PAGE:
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Autism affects the microbiome, not the other way around

Enlarge / False color image of bacteria on a human tongue. (credit: STEVE GSCHMEISSNER/ Getty Images)

An altered microbiome has been associated with—and thereby either implicitly or explicitly implicated as a partial cause of—a wide range of human maladies. These include immune disorders like celiac disease, asthma, and diabetes; obesity; cancers; psychiatric disorders like depression and Alzheimer’s disease; and Autism Spectrum Disorders (ASD). It’s been tied to so many things that Jonathan Eisen felt compelled to start the Overselling the Microbiome Awards.” He had to compile the list for years, even though he’s an evolutionary biologist who truly acknowledges and understands the vital role our microbiome plays in our health.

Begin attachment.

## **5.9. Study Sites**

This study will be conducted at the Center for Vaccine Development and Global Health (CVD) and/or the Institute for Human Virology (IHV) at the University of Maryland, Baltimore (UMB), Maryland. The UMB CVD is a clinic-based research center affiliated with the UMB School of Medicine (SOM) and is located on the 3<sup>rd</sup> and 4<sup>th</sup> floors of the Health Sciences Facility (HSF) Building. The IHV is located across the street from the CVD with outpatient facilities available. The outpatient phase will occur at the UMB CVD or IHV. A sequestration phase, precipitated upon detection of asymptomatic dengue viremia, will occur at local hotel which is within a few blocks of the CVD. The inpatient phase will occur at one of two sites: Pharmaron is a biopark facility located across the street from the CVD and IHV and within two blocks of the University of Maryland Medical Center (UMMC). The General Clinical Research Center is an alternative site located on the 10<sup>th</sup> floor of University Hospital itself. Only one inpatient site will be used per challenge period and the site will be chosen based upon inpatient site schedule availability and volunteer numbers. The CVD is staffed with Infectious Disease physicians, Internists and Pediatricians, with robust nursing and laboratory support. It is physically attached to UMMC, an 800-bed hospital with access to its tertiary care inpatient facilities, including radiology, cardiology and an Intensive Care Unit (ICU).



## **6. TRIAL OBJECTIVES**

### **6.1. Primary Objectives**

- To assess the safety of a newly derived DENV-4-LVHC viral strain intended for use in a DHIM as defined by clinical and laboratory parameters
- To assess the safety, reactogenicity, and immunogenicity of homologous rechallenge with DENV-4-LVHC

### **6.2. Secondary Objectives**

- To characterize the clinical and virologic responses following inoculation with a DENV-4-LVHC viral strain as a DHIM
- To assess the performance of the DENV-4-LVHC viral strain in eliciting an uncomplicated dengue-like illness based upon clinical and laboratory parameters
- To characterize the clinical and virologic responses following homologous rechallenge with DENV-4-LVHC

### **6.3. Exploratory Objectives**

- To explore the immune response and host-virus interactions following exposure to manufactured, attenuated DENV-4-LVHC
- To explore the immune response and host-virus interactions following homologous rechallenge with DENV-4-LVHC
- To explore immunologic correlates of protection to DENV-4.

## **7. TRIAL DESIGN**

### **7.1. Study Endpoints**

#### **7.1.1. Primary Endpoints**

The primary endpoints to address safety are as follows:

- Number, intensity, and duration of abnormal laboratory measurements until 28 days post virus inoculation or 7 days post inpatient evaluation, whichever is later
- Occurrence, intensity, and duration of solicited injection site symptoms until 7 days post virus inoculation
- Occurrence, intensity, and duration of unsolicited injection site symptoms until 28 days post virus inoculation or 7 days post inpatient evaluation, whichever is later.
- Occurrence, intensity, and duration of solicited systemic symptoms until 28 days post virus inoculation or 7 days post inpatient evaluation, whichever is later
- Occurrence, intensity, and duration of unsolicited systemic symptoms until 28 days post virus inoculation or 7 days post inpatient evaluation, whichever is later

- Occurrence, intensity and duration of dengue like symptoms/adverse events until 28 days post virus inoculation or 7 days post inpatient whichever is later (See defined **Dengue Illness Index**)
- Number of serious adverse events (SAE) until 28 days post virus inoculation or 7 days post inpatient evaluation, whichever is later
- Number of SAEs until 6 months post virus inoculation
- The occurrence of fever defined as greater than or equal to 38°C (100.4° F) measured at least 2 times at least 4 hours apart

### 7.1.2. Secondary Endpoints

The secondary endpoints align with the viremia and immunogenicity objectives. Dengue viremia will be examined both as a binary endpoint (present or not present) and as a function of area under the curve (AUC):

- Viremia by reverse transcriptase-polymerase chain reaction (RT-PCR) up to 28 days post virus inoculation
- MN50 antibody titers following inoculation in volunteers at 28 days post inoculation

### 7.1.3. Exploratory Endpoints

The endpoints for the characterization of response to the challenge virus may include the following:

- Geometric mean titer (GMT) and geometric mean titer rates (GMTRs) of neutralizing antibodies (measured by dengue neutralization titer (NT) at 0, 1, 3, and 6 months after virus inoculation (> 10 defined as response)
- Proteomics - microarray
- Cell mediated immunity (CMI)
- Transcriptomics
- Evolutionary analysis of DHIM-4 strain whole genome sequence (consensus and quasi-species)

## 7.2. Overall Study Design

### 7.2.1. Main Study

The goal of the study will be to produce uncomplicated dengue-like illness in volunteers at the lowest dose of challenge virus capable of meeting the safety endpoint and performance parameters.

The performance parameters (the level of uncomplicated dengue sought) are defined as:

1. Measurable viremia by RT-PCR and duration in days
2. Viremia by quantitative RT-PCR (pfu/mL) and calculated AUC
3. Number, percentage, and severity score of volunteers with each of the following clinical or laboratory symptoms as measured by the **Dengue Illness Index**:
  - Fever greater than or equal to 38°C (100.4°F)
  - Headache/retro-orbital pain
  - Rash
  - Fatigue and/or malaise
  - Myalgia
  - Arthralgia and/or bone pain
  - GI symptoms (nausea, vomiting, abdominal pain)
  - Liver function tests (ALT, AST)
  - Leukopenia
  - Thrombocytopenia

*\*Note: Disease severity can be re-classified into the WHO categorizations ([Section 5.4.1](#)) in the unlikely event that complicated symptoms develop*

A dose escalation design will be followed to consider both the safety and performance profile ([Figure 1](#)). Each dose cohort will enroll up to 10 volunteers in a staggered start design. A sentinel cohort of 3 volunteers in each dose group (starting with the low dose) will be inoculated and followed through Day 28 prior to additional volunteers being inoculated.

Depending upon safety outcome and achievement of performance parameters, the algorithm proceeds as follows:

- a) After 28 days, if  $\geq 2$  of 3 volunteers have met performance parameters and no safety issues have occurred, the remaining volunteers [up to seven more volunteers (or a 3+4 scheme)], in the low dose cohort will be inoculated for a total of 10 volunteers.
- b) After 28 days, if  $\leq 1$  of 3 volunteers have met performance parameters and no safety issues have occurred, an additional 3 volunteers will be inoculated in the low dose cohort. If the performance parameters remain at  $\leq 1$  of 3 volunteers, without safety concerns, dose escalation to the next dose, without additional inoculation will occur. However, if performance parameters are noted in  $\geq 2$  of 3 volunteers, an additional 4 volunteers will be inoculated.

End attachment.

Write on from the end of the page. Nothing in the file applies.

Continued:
The notion that an altered microbiome can be a causative factor in ASD comes from studies with mice, in which transferring gut flora from humans with ASD into mice generated social deficits and behavioral abnormalities in the animals. But evidence in humans had issues, so a group of Australian scientists who shared Eisen’s wariness, led by Jacob Gratten, decided to perform a rigorous test of the idea. 

A failure to replicate

The Australian team knew that ASD is often associated with GI symptoms and realized that it is tempting to look for and even assume an intestinal component to the disorder. But they note that the human studies linking an altered microbiome to ASD are pretty weak: they are small, they are biased and fail to consider confounding variables, and they are poorly designed and analyzed. Moreover, the researchers write, “a meta-analysis of human microbiota-associated animal studies has raised concerns that the sheer extent of positive findings is implausible.” 

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